Hello Debian, my old friend

I’ve been using Linux as my primary operating system since early 2000. Similarly to many Linuxers, I’ve done my share of distro hopping. Here is, as far as I can recall, some of the distributions that I’ve used seriously (where seriously means for more than 6 months at one time) in order:

  • Mandrake (yes, that was before they changed their name)
  • Slackware
  • Debian
  • Ubuntu
  • Arch Linux
  • Lubuntu

Though I had known of Linux for a couple of years, it was only when I bought an issue of Linux France magazine that came with a Mandrake 6.1 CD and clear instructions that I decided to install Linux. I was quite lost at first, but after buying O’Reilly’s “Running Red Hat Linux”, I could do most of what I wanted to do.

Later on, I decided to try Slackware, because apparently that was for more hardcore users, and I wanted to be hardcore. Then came Debian, because I had heard great things about apt-get (and boy was I impressed the first time I used it!). I used Debian for a solid 4-5 years before Ubuntu appeared on the radar and started making a solid impression on the Linux world. I decided to try it out, and I really liked that it took away some of the drudgery of Debian.

I then had a foray of a year and a half with Arch Linux before I came back to Ubuntu, but this time I used Lubuntu since the first thing I did after booting Ubuntu was to uninstall over 100 packages relating to Gnome. As time went on, I kept using Lubuntu, but I became less and less happy with it, always hoping that the next major release would solve my issues, but it became clear that it wouldn’t happen.

Among the issues I had with Ubuntu were:

  • The upgrade process never worked for me, I always had weird issues that were usually resolved by reinstalling the entire OS.
  • The release process produced distributions that were less and less stable.
  • Ubuntu quickly pushed new products that didn’t feel like they had anything to do with the Unix philosophy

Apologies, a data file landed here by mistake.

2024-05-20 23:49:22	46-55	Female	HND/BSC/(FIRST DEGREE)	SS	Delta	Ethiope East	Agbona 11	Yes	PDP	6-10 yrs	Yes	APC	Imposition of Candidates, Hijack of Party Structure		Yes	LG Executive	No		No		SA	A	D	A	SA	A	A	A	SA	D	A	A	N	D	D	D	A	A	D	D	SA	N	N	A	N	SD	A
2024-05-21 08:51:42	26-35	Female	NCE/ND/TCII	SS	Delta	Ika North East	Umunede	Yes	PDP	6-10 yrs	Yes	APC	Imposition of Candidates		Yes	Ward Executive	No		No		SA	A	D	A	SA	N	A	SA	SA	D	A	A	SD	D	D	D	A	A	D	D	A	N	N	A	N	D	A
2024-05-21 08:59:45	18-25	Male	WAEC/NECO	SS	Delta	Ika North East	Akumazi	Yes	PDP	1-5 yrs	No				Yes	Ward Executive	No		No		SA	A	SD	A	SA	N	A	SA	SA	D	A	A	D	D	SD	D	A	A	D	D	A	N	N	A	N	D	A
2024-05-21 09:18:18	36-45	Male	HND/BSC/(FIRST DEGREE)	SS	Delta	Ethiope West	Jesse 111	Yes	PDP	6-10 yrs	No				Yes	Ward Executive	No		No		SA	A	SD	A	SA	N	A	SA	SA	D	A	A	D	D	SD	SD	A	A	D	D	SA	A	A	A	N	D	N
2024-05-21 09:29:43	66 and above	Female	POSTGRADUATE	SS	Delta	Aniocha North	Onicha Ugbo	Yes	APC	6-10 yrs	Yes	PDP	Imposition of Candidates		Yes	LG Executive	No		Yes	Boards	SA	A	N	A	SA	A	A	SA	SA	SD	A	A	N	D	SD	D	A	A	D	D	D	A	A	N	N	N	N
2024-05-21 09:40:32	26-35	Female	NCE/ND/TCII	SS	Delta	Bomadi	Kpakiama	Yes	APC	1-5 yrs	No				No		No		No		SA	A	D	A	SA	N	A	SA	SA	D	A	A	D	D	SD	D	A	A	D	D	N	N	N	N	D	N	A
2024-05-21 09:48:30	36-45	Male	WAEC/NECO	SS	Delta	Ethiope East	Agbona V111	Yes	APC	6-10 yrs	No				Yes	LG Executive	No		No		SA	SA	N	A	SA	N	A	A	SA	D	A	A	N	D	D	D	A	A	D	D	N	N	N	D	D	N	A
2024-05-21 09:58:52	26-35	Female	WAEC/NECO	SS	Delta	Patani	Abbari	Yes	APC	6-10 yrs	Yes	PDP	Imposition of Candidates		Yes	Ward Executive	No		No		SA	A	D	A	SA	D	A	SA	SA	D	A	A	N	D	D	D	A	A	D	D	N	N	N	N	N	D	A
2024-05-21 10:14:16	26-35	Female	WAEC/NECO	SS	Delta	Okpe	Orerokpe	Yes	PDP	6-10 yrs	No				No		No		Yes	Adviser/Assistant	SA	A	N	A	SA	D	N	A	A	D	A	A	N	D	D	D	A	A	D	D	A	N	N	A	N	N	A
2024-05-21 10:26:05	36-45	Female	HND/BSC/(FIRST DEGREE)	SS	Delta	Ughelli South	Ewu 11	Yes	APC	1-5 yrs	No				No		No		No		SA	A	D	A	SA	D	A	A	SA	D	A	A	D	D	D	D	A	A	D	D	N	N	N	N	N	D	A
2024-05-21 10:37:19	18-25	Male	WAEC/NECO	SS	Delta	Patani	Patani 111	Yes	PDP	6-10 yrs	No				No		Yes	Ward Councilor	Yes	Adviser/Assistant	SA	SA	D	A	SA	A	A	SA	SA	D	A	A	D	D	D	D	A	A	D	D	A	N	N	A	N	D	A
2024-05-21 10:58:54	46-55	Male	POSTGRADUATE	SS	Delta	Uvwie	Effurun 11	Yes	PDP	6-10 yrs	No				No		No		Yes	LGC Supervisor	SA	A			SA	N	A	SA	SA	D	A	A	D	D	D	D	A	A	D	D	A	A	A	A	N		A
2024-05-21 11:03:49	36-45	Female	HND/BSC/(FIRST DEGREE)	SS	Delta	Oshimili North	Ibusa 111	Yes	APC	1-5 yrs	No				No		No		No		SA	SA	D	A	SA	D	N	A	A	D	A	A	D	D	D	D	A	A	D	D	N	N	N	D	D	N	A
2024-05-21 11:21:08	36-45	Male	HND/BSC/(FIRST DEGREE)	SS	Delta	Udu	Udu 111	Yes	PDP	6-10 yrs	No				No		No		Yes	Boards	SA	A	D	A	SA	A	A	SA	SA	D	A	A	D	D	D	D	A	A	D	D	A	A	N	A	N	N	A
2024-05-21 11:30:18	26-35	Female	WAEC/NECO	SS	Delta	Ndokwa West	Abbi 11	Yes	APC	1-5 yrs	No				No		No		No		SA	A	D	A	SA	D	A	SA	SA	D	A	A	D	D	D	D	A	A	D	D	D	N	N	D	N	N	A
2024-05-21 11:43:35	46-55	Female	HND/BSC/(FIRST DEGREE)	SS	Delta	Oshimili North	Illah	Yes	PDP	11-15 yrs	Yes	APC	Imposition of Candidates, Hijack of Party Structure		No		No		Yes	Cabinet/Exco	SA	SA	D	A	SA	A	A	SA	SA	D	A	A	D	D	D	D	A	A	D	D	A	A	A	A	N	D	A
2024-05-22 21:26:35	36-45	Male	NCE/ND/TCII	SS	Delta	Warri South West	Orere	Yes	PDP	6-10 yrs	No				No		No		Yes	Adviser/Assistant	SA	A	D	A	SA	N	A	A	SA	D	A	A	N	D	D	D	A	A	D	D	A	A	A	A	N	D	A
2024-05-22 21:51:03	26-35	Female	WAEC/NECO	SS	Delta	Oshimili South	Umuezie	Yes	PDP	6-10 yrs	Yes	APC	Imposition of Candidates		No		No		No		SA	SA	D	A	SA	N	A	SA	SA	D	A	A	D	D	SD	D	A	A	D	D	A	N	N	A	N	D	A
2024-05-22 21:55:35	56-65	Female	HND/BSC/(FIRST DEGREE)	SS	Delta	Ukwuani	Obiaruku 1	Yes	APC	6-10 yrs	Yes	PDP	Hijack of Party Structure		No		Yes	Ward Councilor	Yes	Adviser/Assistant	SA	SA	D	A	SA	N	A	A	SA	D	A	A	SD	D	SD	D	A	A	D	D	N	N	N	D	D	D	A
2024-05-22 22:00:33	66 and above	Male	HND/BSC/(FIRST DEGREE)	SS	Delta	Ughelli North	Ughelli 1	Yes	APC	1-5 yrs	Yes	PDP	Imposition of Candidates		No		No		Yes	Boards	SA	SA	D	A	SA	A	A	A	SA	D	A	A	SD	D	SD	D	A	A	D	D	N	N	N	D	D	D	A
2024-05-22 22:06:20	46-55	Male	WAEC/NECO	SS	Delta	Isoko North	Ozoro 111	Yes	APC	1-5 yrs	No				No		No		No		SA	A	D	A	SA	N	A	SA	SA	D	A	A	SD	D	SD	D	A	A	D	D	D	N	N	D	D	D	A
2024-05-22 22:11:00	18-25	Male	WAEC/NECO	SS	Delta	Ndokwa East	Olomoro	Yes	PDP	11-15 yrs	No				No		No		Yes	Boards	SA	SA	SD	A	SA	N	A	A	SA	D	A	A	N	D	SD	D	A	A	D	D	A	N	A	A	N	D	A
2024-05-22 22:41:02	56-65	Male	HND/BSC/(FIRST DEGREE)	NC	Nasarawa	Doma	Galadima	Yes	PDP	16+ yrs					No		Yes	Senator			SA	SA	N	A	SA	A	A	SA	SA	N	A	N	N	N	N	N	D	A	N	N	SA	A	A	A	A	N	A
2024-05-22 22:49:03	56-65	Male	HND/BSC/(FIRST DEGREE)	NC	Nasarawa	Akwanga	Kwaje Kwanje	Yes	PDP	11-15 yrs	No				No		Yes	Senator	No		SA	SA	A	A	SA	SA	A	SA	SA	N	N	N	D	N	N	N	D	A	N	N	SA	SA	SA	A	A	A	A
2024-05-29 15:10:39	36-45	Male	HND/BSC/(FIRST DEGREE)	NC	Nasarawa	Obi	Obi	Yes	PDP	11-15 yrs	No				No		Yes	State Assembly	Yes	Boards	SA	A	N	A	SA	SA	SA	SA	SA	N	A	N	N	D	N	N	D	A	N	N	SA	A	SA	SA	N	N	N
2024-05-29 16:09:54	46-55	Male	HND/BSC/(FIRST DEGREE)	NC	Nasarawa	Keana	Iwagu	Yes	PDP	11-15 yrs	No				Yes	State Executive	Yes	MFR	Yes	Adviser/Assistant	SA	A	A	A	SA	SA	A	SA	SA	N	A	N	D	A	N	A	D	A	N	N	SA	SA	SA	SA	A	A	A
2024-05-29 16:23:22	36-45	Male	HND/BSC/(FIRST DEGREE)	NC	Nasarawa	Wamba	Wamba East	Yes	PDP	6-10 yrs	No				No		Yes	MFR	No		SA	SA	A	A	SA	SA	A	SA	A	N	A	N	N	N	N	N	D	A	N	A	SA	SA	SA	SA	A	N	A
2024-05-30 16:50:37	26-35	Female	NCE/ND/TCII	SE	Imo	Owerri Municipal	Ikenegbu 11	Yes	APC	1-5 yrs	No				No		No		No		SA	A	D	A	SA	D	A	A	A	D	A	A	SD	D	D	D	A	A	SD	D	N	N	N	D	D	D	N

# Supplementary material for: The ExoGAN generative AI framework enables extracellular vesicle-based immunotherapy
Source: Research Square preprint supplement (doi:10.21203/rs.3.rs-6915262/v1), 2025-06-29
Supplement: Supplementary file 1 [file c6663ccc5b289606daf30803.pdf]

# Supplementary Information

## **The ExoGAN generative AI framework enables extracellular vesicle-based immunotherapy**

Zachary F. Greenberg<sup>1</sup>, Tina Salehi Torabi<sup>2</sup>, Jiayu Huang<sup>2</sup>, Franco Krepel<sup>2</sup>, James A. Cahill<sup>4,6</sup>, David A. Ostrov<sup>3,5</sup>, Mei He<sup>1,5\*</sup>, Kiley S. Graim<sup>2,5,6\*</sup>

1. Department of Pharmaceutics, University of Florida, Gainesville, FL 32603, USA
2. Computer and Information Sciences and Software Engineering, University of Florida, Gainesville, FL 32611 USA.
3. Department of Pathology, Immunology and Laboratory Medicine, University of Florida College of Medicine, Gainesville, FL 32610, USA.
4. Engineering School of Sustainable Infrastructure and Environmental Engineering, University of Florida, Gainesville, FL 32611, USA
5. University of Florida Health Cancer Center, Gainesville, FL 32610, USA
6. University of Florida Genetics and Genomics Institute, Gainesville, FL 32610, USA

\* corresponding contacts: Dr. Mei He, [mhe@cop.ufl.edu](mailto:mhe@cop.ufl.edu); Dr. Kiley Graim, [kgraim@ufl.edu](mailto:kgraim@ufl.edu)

• I had some weird bugs that I reported, but went without solutions.
    • If I used lightdm and the french Canadian keyboard layout, pressing and holding certain keys (the right and down arrow keys for examples) would not repeat them; changing the login manager or the keymap fixed the issue, but this was weird.
    • plymouthd (a piece of software that I just don’t understand) constantly used 5-7% of my CPU. Uninstalling it was not an option since so many packages depend on it. Disabling it caused other weird issues with the display
  • It seems that Ubuntu is becoming less and less a Linux distribution, and more and more its own OS.

Last week, I just had enough. I want a stable and simple operating system, and I was no longer getting that from Ubuntu. Debian Wheezy had been released a few weeks earlier, and I decided that it was time to go back to my ol’ trusty distro.

I downloaded the LXDE Live DVD, booted it and less than an hour later the system was installed and ready to roll. I added some repositories to have access to Chrome and the latest Emacs snapshots, the only two programs that I want to be as up to date as possible. In less than two hours, I had a system that looked and worked exactly like my Lubuntu setup (except that the load average was closer to 0.0 than 1.0 as with Lubuntu!)

It’s been a week, and I have had no problems with Debian. The first time I used Ubuntu was because of the promise of easy hardware configuration; Debian Wheezy has that. My sound card and video card were automatically recognized and properly configured, I only had to install firmware-realtek to get my Wifi card working, my integrated webcam worked without me having to install or configure anything, so did my multiple gaming controllers.

The Debian folks have produced a truly fine operating system. For the next two years, I’ll be doing my M.Sc and I most likely won’t have the time or the inclination to fiddle and hack my OS, so I think that this stable Debian installation will suit me perfectly.

It’s good to be back!

Sorting algorithms in OCaml

We had a mini snow storm in Montreal this weekend, so instead of going to my usual Saturday afternoon chess club, I spent the day writing sorting algorithms in OCaml. It had been a while since I’d revised my notes from my algorithms class (which I finished two years ago), and I thought it’s be a nice time to do some review.

I implemented the following algorithms:

  • Bubble sort, O(n^2)
  • Selection sort, O(n^2)
  • Insertion sort, O(n^2)
  • Merge sort, O(n lg n)
  • Quick sort, O(n lg n)*

* Pivots are chosen at random.

I also wrote a small driver program to test them all on bunch of arrays. Here’s a sample run:

$ ./bench.native --iters 250 --max-elems 2500
Algorithm                       : Total		Average
insertion sort                  : 2.142468	0.008570
bubble sort                     : 5.517859	0.022071
selection sort                  : 2.795310	0.011181
merge sort                      : 0.115057	0.000460
merge sort + selection sort     : 0.100913	0.000404
merge sort + insertion sort     : 0.098223	0.000393
quicksort 1                     : 0.098276	0.000393
quicksort 2                     : 0.090065	0.000360
Array.sort                      : 0.106113	0.000424
Array.stable_sort               : 0.071891	0.000288

(The times are in seconds.)